On top of eating healthy, it's always a good idea to practice moderation. Even if you're eating healthy food, it can still be a problem if you're over-eating. Limit your portions and be wary of meals that are served "family-style"--which means platters of food are brought to the table rather than individual meals. Because courses are being continually brought out, you may not even realize how much you're actually consuming. A good tip to keep in mind at family-style dinners is that the heavier dishes are usually served first, and the lighter ones later--so pace yourself. 



When dining out or eating at Chinese resident's home, remember NOT to clean your plate. This might sound odd, but if you eat your entire portion, this will be taken as a sign that you're still hungry. Instead, eat MOST of the food on your plate, and you won't be pressured into taking another portion. At restaurants, if more food is ordered than what you can eat, don't feel like you need to eat it all for the sake of politeness--ordering large amounts of food is common in Chinese culture and nobody expects you to eat it all. 


Air Quality in China


The poor air quality in China is a health concern for all expats. Breathing in the polluted air can cause sinus congestion, headaches, and fatigue. The good news is that the air quality is getting better, and there are steps you can take to protect your health. 


First of all, you should know that the air quality changes depending on location and time of year. For example, during the winter, it gets even worse--making it harder to exercise outside. 


One thing you can do is get an app on your phone and check the air quality in your city like you're checking the weather. Some apps will not only tell you how bad it is that day but also give you an idea of how much time you should spend outdoors. If you're unsure where to move, these apps can also give you an idea of what city has the best (and worst) air quality.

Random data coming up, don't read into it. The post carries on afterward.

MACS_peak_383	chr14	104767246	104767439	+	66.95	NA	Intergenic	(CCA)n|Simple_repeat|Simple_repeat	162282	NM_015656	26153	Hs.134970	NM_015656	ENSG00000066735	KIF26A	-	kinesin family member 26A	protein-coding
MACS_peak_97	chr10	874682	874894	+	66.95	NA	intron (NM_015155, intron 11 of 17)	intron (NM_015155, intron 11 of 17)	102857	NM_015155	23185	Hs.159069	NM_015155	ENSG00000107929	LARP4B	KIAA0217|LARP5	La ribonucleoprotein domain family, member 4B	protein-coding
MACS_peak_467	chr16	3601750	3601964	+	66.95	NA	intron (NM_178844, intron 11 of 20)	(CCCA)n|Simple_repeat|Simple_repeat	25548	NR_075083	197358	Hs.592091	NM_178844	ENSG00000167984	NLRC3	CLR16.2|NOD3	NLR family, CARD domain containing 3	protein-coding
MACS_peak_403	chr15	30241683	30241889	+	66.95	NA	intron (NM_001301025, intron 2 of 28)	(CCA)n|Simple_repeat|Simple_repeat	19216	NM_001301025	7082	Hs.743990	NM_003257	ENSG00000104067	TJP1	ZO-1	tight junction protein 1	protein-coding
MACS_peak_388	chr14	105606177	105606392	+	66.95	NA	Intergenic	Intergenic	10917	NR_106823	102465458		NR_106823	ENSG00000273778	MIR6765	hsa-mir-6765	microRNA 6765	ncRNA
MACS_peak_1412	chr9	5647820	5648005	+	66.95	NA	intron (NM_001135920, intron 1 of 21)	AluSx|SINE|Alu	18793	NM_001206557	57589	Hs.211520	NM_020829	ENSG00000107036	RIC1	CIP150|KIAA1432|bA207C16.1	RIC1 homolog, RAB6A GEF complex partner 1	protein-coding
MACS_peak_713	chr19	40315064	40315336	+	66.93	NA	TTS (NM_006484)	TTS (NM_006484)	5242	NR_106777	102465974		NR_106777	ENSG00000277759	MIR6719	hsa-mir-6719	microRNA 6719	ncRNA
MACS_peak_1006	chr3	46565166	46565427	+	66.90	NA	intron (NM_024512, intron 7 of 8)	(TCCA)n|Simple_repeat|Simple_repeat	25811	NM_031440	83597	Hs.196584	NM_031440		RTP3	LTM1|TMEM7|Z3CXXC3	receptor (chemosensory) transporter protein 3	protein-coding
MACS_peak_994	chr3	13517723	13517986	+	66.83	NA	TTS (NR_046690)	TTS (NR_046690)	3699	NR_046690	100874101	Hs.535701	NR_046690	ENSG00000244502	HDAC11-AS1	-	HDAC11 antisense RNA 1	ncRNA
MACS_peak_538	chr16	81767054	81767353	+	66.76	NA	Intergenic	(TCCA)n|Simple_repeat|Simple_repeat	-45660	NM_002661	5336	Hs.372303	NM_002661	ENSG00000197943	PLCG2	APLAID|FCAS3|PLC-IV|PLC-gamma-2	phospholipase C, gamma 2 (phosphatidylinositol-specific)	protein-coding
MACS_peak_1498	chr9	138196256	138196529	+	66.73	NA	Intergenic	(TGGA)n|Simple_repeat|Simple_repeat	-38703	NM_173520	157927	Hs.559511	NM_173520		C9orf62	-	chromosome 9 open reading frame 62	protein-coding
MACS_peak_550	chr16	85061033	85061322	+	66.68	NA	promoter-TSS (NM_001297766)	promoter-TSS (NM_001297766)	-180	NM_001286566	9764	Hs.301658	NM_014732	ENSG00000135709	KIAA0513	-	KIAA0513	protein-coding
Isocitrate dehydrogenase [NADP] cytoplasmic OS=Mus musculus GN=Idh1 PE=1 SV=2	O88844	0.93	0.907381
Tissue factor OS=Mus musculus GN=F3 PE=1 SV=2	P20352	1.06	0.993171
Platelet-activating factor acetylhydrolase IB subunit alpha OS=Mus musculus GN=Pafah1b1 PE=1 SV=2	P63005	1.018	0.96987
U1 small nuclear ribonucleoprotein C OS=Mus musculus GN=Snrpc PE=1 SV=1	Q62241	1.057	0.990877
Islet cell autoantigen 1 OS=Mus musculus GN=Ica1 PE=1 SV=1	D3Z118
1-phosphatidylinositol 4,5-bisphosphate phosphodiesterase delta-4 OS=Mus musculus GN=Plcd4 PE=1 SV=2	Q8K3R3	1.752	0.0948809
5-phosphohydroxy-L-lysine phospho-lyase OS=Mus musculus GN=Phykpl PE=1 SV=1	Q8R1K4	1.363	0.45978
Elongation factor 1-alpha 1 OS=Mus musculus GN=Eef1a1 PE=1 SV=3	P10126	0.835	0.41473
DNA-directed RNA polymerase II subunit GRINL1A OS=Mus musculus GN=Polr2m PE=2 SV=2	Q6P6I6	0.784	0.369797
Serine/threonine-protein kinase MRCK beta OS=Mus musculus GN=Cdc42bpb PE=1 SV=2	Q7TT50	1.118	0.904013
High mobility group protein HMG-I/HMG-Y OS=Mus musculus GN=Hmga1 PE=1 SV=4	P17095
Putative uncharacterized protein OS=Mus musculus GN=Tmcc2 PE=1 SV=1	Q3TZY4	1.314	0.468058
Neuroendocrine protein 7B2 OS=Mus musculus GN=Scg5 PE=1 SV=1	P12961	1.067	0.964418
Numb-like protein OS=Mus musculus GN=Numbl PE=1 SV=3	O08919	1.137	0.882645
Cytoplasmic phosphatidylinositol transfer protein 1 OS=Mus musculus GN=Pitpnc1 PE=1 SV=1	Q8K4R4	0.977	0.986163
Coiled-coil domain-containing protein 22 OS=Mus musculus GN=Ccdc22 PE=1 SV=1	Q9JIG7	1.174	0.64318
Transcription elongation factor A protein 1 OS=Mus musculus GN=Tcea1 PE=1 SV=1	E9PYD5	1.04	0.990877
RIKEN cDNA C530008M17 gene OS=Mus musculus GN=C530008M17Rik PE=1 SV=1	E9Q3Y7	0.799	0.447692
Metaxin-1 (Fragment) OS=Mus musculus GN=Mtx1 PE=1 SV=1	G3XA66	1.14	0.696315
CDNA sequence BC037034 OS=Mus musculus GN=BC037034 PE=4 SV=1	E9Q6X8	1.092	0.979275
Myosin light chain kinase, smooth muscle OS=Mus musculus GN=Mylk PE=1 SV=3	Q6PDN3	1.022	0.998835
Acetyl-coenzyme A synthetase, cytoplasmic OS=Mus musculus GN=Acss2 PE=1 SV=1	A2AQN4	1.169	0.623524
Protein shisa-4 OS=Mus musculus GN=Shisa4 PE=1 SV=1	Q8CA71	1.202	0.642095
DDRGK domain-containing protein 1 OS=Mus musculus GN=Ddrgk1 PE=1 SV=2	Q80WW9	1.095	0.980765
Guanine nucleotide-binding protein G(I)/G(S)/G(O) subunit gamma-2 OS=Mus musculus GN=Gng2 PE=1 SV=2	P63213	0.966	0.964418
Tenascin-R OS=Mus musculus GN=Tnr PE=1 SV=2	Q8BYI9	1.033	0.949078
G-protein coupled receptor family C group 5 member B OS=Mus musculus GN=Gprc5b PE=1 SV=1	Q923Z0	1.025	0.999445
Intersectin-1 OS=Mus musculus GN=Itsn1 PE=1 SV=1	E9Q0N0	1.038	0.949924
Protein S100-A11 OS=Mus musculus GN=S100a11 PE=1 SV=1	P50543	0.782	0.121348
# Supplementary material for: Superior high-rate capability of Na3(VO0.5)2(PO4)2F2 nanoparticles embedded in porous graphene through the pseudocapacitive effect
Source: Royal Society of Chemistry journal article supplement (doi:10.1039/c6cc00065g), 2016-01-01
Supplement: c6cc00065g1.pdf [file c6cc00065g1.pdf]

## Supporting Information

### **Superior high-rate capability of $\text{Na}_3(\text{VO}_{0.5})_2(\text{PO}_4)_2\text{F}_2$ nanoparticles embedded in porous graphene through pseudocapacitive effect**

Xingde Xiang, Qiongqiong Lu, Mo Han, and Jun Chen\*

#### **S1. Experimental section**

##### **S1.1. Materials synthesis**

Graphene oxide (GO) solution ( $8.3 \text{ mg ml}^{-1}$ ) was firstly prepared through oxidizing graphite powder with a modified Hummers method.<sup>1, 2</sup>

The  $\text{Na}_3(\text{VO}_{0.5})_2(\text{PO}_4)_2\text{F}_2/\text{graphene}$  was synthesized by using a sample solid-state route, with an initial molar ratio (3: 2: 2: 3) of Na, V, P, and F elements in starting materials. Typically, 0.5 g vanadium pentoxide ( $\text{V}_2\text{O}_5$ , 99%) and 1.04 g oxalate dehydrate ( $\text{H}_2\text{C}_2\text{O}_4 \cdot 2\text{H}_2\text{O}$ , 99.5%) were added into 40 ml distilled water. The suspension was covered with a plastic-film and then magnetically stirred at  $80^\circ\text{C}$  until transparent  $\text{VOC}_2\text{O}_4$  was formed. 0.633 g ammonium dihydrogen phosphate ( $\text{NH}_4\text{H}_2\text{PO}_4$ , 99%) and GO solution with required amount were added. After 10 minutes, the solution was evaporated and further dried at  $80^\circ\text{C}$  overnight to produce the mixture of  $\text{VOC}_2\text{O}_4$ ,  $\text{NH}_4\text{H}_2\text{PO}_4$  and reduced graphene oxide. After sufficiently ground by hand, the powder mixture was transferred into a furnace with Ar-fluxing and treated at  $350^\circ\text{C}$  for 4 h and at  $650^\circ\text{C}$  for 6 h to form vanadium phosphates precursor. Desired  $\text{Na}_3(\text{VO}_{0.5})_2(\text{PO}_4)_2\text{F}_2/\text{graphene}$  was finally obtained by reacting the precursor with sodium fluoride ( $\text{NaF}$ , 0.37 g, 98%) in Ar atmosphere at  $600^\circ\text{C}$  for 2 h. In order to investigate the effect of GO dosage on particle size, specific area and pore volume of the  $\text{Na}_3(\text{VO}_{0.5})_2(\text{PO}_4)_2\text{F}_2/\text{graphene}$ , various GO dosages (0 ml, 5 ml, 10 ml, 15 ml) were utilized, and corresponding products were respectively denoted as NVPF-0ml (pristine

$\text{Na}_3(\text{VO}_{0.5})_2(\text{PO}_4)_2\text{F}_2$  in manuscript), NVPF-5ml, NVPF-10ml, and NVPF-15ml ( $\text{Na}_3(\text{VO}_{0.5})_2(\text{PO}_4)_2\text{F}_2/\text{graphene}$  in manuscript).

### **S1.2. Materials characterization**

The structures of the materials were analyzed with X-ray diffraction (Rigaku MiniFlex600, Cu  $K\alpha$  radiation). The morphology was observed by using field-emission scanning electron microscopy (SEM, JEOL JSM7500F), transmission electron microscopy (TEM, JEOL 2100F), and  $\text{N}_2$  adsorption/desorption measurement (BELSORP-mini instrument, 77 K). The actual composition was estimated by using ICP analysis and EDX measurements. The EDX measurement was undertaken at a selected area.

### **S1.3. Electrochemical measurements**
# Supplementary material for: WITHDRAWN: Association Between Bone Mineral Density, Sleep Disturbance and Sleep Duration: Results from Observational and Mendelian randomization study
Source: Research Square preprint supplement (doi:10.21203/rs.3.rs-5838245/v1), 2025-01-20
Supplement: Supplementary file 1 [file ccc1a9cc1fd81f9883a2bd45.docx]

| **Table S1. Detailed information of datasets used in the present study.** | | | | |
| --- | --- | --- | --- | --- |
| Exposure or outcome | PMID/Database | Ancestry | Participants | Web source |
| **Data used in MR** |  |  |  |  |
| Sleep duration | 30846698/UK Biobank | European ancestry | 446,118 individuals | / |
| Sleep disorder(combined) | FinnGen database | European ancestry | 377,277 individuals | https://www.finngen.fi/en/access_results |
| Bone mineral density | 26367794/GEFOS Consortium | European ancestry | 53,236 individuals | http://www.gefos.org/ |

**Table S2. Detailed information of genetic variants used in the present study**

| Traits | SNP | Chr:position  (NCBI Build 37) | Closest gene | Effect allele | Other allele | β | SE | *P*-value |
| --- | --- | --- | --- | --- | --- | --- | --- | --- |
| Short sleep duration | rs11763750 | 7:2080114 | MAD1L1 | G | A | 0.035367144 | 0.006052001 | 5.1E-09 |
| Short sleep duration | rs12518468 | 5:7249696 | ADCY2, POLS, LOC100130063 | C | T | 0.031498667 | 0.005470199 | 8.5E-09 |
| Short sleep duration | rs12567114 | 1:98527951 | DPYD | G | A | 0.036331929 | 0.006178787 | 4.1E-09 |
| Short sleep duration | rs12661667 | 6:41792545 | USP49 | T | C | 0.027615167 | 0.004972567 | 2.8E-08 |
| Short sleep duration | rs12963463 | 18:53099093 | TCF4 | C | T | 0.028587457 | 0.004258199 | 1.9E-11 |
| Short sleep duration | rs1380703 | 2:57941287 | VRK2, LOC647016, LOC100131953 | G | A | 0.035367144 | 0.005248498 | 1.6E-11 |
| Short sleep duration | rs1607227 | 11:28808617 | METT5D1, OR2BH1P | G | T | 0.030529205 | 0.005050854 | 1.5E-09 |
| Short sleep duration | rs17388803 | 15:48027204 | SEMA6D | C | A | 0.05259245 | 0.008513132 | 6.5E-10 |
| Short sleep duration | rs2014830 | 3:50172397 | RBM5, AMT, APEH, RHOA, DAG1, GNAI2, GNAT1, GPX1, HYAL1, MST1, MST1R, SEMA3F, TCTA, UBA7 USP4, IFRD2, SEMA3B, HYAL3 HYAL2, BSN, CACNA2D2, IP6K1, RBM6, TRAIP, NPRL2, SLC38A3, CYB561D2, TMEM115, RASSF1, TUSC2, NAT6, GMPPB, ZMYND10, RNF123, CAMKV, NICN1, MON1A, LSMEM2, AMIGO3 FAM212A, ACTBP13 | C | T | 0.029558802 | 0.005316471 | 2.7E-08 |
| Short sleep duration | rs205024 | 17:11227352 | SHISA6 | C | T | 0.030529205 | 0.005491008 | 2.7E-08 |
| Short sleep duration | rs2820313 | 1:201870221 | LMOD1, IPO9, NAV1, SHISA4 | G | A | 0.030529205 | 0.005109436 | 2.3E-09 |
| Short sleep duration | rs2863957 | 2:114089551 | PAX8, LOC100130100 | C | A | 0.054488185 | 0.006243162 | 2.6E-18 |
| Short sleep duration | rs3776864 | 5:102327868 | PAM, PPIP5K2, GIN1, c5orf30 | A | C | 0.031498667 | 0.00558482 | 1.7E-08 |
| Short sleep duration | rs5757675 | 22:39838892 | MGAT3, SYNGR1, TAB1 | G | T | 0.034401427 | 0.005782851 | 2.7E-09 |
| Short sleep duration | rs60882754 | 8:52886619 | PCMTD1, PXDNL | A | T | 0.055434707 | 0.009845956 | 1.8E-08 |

Another preventative measure you can take is to get a good face mask. These won't totally protect you from the poor air, but they will help. At the end of the day, it's all about working around the air quality: if you play sports, consider playing in an indoor facility rather than outside, get an air filter for your apartment, and don't forget your face mask when venturing out. Exercising outside may be a challenge at certain times of the year, so it may be smart to do your workout at home. Or, if you can afford it, invest in a gym membership. (This isn't to say you can NEVER exercise outside, but that you should be aware of the air quality in your city before you decide to head out for a jog.)


Staying healthy in your own country--let alone staying healthy in China--can seem impossible. But, by using the tips above and planning ahead of time, managing a healthy expat lifestyle in China shouldn't be a challenge.

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Josh Wilson

Don’t be 60 years old and say… "I could have done that!" Do it now!